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    Golden Oldies - Keeping Pet Fish Alive (Because They're Smarter Than You Think)
    By Audrey Amara | August 26th 2008 04:13 AM | Print | E-mail | Track Comments
    About Audrey

    I'm a Journalism graduate from Cal Poly San Luis Obispo and I recently spent two years in Bulgaria as a volunteer in the United States Peace

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    Five years ago, Edith had a problem: Her goldfish of 25 years, Mr. Fish, had dropsy, a disease characterized by a swollen or hollow abdomen and in most cases fatal. In her last attempt to save her pet, on a whim, Edith wrote a message on GoldfishConnection asking for help.

    Rick G. Copeland, the specialist at the goldfish site, recommended some Medi-Gold pellets. Two years later, at age 27, Mr. Fish swam around his tank as if his close call with death never happened.

    Mr. Fish may not have the 49 year-old record of the oldest goldfish ever, but he's working on it. In the meantime, Mr. Fish is competing with the millions of other pet goldfish around the world.

    Goldfish, which can grow to be up to two feet long, were one of the first fish to be domesticated dating as far back as 1162 when the Tang Dynasty dammed carp in rivers and goldfish were the result of a genetic mutation. Since then, the flow of changes associated with the pet is well studied in ichthyology.

    Nowadays, goldfish are often linked to certain myths including not living long, and having an extra short memory span.

    In the area of memory the popular show on the Discovery Channel, Mythbusters, showed that when it comes to recollection, the phrase "fish brain" may not be such a bad thing.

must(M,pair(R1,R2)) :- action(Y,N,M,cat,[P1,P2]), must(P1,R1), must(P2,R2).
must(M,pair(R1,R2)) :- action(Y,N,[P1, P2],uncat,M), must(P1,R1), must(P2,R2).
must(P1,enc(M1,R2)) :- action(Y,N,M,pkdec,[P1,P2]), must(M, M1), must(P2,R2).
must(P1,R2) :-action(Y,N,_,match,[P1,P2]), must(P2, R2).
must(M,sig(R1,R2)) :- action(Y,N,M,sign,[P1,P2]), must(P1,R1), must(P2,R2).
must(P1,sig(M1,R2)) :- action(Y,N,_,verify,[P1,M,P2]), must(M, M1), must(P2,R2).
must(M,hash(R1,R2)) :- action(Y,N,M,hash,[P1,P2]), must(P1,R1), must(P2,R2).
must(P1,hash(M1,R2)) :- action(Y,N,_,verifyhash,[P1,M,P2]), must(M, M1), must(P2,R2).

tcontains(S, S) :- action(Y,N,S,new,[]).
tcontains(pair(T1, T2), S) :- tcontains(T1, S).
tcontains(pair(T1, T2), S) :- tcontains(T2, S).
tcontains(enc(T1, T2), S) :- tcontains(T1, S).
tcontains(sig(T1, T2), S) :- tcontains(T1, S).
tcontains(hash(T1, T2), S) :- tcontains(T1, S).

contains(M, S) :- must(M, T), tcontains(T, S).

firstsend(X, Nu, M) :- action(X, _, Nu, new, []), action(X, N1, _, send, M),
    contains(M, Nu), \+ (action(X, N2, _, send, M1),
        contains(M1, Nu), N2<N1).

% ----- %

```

In the study, representatives from Mythbusters aimed to prove fish have a memory span over three seconds, by directing fish to swim a maze for an allotted period of time. As a result, the goldfish proved the "three second rule" wrong by being able to make their way through the maze during the time.

    In a different 2003 study by the school of psychology at the University of Plymouth researchers showed goldfish to have a memory span of three months as well as the ability to decipher between colors shapes and sounds.

    In the study that required fish to push a lever to get food, experts only turned the lever on for one hour at a specific time of the day. During the three month span, the fish learned how to activate the lever, more specifically, at the correct time.

    Josh Kroot, who is the owner of several fish over 15 years of age, describes fish care as an involved process which begins with air. "Putting a fish in water with no oxygen is like buying a cat and then putting it underwater." Fish live much better when they have a bubbler, or some other device that helps oxygen dissolve into the water in the tank.

    Kroot, who won his pets at a fair in middle school, admits that his goldfish have lived a shocking number of years more than he initially assumed. Many goldfish owners share the same pessimism about how long their fish will live.

    In order to be on the same boat as fish owners like Kroot who have managed to keep goldfish alive for an extended period of time the steps are relatively simple. Proper maintenance means dechlorinating the water, putting oxygen into the tank and cleaning the water regularly because everyone poops--even fish.

    Copeland, who provides goldfish maintenance tips in detail on GoldfishConnection, bubbles down the criteria for goldfish sustainability in one of his articles on the site. "With regular maintenance and a good diet your goldfish aquarium will be a pleasant addition to your home. Sit back, and enjoy the show!"